Gun owners and gun-rights advocates are fired up over a zoning change by the District of Columbia that paves the way for the only licensed gun dealer in the nation's capital -- forced to shutter his business when he lost his lease -- to re-open inside police headquarters.
The 2008 Supreme Court case that ended the district's long-standing handgun ban made it possible for D.C. residents to buy and own handguns as long they're registered and kept at home. But federal law prohibits residents who buy a handgun in another state from bringing it into the city on their own, instead requiring a licensed dealer to make the transfers for residents.
The district has been without a federally licensed dealer since April, when Charles W. Sykes Jr., the only person in the district licensed to transfer and register handguns purchased in another state, lost his lease. Sykes has had trouble finding an affordable location that also meets the city's zoning rules requiring gun-related businesses to be at least 300 feet away from schools, libraries, playgrounds and other locations.
"The problem is the D.C. gun market is small," said D.C. City Councilman Phil Mendelson. "Mr. Sykes was only processing six-to-10 handguns a month."
Mendelson endorsed the zoning change to help re-establish a federal firearm licensee (FFL) dealer in the district. The change was requested by D.C. Mayor Vincent Gray to the city’s zoning commission.
"Mayor Gray submitted the emergency proposal to the zoning commission to provide a way for Mr. Sykes to set up at Metropolitan Police headquarters in a matter of days should he so choose, and that proposal was approved," a Gray spokesman told FoxNews.com.
D.C. is the first city in the nation to allow a licensed gun dealer to register and process gun sales in a police facility. It is uncertain whether Sykes has decided whether to re-open his shop, CS Exchange, inside police headquarters. He did not respond to requests for comment.
The lease would be a mere $100 a month, though officials did not say whether that compared favorably to other private vendors like food establishments that rent space in city buildings.
But not everyone is satisfied with the new plan.
"D.C. is still trying to tap dance on the lack of gun ban with a monopoly on gun transactions," said Alan Gottlieb, founder of the Second Amendment Foundation, a gun-rights group. "They can't get over the fact that they lost" the Supreme Court case, he said.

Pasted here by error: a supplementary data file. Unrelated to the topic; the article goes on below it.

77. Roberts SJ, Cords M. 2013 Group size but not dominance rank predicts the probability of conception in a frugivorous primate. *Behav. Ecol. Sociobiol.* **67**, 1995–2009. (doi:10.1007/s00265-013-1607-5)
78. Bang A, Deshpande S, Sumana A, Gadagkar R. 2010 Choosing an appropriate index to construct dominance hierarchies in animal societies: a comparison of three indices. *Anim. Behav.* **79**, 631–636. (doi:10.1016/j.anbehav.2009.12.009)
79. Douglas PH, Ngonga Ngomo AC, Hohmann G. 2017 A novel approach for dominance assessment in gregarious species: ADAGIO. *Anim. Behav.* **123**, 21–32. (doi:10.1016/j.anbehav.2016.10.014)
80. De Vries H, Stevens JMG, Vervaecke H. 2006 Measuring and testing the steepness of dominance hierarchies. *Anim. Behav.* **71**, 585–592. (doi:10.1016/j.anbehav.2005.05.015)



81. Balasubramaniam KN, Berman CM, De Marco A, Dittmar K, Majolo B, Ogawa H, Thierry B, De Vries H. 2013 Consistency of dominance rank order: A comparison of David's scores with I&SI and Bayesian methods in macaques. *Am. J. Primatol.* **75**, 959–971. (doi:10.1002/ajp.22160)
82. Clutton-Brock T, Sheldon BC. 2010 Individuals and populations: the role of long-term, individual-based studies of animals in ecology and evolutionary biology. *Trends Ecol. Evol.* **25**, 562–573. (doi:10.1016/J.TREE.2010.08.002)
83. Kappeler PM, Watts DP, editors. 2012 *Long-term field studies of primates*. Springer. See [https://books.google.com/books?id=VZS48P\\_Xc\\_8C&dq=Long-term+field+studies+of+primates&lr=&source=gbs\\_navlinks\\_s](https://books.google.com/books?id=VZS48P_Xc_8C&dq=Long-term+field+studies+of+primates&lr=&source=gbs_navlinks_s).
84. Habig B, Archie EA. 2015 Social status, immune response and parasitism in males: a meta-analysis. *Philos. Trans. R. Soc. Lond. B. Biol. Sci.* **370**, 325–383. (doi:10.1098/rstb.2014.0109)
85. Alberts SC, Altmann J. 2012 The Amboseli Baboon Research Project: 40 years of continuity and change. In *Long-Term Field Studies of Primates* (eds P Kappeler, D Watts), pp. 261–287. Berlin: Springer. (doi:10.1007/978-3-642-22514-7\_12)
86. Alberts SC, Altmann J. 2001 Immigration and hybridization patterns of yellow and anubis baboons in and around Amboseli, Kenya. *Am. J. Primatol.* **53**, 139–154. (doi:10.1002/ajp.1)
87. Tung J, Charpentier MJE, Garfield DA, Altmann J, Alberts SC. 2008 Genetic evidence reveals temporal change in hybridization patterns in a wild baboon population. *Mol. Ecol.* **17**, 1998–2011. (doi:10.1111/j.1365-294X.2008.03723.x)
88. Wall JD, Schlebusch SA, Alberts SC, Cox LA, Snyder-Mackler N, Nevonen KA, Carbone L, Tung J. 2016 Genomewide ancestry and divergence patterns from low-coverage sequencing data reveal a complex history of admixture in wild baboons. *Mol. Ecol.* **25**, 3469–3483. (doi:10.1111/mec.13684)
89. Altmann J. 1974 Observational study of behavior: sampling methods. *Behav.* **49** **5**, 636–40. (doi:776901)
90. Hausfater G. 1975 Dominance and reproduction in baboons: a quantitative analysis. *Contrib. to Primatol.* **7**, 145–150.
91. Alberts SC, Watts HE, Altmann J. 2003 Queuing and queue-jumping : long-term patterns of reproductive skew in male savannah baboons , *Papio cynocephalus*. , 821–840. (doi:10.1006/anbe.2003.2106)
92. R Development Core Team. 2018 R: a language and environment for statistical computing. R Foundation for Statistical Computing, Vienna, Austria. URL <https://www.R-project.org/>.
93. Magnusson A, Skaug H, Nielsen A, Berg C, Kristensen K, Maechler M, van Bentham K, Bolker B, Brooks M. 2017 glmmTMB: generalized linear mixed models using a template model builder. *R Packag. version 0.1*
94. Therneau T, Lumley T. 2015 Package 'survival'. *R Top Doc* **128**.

Amanda Welling, who lives in the district with her husband and infant son, said she believes the zoning change is just another roadblock to being able to buy a gun in the community in which she lives.
"Now more than ever, I want a gun for home protection," she said. "Our apartment building has been broken into a few times, and when I found out that legally we couldn't receive a handgun here in the district, I was pretty angry. I should be able to buy a gun where I live, and not be hassled with the extra time and cost of using a middle man."
Alan Gura, an attorney representing Welling and other residents who sued the district to make it easier for gun stores to open, says the city's anti-gun policies and zoning restrictions amount to a "de-facto re-imposition of the D.C. handgun ban." The case was dismissed in U.S. District Court in Alexandria, Va., last week, but will be appealed, Gura said.
"People are constitutionally allowed to buy and sell guns; there should be nothing to stop them," Gura said. "The city council has made it virtually impossible to open a gun store with ridiculous zoning laws."
Mendelson disputes that claim, and notes that the dealership would be located in the same place as the registration office.
"If anything, the prospects look to be easier for anyone who wants to acquire a handgun for self protection in their home. Everything will be in the same building, and that will relieve some of the pressure of the backlog dating back to April."
In the meantime, until Sykes decides to set up shop inside the Metropolitan Police Department headquarters, nobody can register a gun, a Gray administration official acknowledged. Mendelson expressed concerns that if a licensed gun dealer doesn't re-open soon, Congress could move to rewrite the district's gun laws.
"Congress could use the lack of a functioning FFL to step in and make wholesale changes to our gun laws," said Mendelson, who opted not to introduce a bill he wrote that would have created a city agency to act as a licensed gun dealer.